7 October 2004, Volume
NOTE TO READERS:
The next issue of "RFE/RL South Slavic Report" will appear on 21 October.
KOSOVO: AN ETHNIC CONFLICT, NOT A RELIGIOUS ONE.
A program in the Radio Most (Bridge) series of RFE/RL's South Slavic and Albanian Languages Service, hosted by Omer Karabeg.
Our guests are Serbian Orthodox Fr. Sava Janjic of the Visoki Decani Monastery in Kosovo, and Qemal Morina, assistant dean of the Islamic Studies Faculty in Pristina. This is the first formal contact between the representatives of the Serbian Orthodox Church and the Islamic Community in Kosovo since their communication was completely severed following the ethnic violence of 17-18 March (see "RFE/RL Balkan Report," 2 and 16 April, and 20 August 2004).
The relations between the Orthodox Christians and Muslims in Kosovo are far from good. Too much hate and evil have been spread among people here. Are the Serbian Orthodox Church and the Islamic Community working on easing the tensions?
I think that the conflict in Kosovo is between the Albanians and the Serbs, not between Orthodoxy and Islam. Those turning to violence in order to achieve some political goals, whether Serbs or Albanians, are not authentic representatives of either Orthodoxy or Islam.
I agree with Fr. Janjic that the Kosovo conflict is ethnic and social and not religious in nature.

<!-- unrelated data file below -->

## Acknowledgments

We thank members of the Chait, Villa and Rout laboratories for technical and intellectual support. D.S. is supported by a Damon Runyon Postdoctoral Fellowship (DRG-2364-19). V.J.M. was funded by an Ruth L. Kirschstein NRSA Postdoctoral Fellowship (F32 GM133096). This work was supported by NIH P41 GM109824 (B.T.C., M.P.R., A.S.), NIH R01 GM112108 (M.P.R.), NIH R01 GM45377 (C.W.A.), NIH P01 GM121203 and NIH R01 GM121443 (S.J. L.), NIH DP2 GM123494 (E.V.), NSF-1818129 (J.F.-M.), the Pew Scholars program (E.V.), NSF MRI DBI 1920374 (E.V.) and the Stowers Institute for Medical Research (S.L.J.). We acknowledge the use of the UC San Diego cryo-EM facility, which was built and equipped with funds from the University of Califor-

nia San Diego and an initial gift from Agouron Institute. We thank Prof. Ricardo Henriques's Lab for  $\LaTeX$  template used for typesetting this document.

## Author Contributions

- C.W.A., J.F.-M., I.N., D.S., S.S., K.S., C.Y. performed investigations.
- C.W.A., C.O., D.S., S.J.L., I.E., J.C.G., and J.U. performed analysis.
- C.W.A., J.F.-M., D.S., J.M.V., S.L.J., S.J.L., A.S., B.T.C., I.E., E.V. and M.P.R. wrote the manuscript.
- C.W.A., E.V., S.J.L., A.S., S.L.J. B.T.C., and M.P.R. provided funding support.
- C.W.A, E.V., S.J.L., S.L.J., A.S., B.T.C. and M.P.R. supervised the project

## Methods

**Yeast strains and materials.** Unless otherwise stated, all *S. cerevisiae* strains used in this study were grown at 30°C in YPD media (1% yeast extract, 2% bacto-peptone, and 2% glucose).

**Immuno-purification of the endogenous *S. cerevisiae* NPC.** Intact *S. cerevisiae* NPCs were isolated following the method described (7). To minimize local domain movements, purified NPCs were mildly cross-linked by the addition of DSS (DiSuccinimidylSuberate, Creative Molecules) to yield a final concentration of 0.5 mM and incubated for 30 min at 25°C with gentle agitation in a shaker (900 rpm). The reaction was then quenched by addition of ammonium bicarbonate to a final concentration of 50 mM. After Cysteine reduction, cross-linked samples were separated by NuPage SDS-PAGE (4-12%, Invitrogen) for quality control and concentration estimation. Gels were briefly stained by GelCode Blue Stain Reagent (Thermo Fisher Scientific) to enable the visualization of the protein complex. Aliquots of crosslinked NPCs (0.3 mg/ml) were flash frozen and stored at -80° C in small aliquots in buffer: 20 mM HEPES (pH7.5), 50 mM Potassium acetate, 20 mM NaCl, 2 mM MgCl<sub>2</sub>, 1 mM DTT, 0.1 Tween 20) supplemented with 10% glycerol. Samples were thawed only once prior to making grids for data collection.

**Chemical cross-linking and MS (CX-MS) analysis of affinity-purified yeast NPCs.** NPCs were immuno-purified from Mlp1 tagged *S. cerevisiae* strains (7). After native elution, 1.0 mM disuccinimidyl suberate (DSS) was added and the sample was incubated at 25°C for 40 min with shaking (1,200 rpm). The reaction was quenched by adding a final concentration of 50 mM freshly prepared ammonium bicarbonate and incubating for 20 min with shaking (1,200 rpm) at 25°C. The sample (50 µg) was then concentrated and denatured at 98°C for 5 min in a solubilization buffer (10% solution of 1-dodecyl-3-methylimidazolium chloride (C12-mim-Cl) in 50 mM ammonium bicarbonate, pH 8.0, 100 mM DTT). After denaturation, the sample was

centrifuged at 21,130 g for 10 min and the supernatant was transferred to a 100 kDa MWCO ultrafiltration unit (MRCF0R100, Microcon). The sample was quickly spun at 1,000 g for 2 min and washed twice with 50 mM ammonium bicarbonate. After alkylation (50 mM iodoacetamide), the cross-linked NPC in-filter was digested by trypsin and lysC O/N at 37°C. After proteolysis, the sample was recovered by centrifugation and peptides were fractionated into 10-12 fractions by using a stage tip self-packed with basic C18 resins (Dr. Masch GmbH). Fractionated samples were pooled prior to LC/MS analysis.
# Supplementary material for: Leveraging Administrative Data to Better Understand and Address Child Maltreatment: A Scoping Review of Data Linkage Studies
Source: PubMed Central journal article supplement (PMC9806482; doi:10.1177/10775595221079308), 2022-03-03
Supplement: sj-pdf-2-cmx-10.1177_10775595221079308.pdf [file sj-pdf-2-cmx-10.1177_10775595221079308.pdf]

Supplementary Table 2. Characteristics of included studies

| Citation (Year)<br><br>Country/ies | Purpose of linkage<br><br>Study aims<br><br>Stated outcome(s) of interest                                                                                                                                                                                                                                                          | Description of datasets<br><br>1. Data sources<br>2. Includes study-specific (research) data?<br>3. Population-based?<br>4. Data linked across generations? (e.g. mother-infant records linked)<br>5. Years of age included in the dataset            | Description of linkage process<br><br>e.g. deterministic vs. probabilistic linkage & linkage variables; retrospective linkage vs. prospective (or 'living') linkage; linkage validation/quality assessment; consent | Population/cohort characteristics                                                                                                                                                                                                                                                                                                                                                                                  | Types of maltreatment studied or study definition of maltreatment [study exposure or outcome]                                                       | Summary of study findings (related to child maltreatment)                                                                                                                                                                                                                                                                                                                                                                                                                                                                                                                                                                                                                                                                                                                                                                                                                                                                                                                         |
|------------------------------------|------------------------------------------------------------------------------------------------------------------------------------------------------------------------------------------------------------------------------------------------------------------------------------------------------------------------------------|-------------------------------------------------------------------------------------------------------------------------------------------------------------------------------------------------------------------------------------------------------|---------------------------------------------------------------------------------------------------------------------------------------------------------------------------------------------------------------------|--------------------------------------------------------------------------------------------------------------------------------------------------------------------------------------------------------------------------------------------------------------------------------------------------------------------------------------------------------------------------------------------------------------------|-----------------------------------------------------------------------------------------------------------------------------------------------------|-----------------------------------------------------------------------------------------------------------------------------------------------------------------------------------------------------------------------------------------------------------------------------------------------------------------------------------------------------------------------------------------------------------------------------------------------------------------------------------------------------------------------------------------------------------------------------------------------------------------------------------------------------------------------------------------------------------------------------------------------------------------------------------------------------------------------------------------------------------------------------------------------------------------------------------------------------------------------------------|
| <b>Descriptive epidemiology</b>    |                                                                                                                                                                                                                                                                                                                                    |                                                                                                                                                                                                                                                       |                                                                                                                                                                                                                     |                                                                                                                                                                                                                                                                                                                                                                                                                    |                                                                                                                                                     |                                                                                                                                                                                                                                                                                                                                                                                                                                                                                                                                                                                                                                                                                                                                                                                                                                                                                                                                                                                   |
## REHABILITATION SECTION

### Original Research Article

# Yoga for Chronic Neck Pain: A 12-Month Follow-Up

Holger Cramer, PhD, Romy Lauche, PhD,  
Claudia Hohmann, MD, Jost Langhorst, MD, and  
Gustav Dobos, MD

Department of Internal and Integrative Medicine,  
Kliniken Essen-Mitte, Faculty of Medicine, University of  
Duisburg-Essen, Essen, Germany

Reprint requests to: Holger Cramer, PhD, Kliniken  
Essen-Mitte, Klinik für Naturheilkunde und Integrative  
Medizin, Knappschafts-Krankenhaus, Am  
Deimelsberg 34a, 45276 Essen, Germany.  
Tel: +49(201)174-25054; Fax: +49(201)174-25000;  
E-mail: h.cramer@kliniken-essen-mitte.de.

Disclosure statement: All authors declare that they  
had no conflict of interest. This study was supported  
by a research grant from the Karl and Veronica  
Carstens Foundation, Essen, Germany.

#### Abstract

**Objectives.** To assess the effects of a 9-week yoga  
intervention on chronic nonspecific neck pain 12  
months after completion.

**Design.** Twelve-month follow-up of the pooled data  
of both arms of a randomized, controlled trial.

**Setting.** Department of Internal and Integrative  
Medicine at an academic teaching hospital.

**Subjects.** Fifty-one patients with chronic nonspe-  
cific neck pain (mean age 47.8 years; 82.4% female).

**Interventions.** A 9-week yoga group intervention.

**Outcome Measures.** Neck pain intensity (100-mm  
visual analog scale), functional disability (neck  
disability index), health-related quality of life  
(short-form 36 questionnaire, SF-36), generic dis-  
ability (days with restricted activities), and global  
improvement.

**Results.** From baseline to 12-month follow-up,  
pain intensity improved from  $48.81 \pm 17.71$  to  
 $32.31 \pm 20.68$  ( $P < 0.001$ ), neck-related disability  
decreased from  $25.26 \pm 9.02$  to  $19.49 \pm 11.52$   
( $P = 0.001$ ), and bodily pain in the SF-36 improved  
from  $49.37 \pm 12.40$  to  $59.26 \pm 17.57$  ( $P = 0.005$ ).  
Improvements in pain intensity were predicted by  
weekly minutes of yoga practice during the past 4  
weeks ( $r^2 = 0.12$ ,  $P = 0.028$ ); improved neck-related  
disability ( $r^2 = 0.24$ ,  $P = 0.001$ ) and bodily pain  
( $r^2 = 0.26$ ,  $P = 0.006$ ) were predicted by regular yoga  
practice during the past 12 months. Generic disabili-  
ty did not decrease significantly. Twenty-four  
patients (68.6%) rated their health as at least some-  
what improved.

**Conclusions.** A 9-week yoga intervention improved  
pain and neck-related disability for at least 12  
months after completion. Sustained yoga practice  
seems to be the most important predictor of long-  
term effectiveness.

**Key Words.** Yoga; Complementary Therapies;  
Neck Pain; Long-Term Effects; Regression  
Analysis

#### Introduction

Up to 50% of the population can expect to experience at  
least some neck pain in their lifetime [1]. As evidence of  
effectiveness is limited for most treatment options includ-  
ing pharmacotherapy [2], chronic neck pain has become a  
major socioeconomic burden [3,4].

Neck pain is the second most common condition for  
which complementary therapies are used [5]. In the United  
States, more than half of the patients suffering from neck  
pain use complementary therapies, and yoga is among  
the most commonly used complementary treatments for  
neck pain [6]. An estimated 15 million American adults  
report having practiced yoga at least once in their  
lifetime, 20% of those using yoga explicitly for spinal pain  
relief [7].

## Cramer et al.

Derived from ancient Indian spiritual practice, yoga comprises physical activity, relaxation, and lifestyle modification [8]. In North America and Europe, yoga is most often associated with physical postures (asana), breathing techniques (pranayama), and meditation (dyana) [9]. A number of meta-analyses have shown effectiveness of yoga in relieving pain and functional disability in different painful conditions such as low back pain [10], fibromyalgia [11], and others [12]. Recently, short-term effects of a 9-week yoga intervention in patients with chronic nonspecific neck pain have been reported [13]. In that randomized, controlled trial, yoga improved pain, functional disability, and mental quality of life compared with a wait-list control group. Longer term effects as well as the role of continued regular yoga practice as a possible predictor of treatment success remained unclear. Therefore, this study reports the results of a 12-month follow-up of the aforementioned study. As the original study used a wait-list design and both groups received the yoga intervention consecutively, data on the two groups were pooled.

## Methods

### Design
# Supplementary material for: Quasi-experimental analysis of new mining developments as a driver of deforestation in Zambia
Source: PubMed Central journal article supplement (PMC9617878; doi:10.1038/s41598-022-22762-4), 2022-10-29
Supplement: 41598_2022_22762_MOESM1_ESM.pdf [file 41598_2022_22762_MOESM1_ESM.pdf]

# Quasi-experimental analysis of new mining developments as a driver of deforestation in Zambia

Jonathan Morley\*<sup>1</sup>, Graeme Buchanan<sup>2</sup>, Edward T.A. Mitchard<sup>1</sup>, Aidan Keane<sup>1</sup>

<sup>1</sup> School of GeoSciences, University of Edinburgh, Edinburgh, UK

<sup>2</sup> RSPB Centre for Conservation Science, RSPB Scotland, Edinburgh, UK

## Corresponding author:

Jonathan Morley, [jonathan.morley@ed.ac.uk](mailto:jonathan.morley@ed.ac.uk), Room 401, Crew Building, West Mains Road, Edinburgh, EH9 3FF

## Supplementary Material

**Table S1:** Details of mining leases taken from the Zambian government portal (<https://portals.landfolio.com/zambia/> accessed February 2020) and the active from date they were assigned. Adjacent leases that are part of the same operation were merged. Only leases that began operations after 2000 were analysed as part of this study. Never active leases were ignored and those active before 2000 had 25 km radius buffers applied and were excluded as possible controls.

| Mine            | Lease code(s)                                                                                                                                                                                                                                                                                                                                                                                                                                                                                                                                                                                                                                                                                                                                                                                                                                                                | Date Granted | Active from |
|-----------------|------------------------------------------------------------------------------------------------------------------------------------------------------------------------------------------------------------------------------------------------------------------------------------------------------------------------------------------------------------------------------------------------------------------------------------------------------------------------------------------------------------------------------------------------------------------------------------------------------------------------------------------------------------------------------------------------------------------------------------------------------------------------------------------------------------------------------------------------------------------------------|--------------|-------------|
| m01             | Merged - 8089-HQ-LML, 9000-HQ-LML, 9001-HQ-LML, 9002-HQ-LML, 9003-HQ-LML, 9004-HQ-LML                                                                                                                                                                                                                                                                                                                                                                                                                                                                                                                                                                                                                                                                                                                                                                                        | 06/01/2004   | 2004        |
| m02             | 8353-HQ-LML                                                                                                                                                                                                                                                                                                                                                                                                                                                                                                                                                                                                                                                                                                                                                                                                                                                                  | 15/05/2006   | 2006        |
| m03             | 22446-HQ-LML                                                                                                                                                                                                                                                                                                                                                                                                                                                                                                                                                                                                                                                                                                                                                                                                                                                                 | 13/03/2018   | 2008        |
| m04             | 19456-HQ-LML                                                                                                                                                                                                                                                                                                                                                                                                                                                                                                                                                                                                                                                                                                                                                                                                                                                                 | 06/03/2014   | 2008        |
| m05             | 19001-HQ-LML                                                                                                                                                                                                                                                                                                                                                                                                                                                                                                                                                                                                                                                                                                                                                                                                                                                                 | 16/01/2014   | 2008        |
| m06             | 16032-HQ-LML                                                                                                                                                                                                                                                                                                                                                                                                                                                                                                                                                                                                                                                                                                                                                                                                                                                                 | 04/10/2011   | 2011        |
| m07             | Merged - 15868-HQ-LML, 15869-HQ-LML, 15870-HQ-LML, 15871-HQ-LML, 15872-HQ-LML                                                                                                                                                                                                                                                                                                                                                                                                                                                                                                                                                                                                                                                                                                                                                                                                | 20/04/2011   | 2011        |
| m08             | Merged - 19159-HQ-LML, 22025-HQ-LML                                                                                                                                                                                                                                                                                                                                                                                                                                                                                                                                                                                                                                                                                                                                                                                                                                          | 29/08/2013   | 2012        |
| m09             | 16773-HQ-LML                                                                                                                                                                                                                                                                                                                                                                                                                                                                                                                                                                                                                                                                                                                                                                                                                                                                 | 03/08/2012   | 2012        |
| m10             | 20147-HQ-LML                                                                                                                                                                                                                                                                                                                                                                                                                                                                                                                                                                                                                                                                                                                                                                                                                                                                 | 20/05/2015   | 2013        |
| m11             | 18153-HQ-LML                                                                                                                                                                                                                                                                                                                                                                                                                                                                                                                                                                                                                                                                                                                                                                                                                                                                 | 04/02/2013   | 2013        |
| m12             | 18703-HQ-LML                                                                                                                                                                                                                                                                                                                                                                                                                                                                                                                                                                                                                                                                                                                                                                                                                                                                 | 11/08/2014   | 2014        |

As far as the relations between the religious communities are concerned, the Islamic Community and Serbian Orthodox Church have been in contact since 1999. During that year, we met three times: twice in Kosovo, then in Vienna, and finally in Amman. We had two meetings in 2000, Sarajevo in February and Pristina in April. Then in September 2001, we met in Oslo. What I am trying to say is that the religious dialogue actually started before the political one. Unfortunately, we have had no contacts since then because the Serbian Orthodox Church refused to meet with us after the protests and riots of 17-18 March this year.
Fr. Janjic, why did the dialogue stop after the March violence?
Well, I would not say that we were the ones who canceled the meeting. What happened is that Bishop Artemije, who always took part in these meetings in the name of the Serbian Orthodox Church -- and I was often there with him -- realized after so many meetings and declarations that nothing was being done to change the situation and stop the violence against Serbs.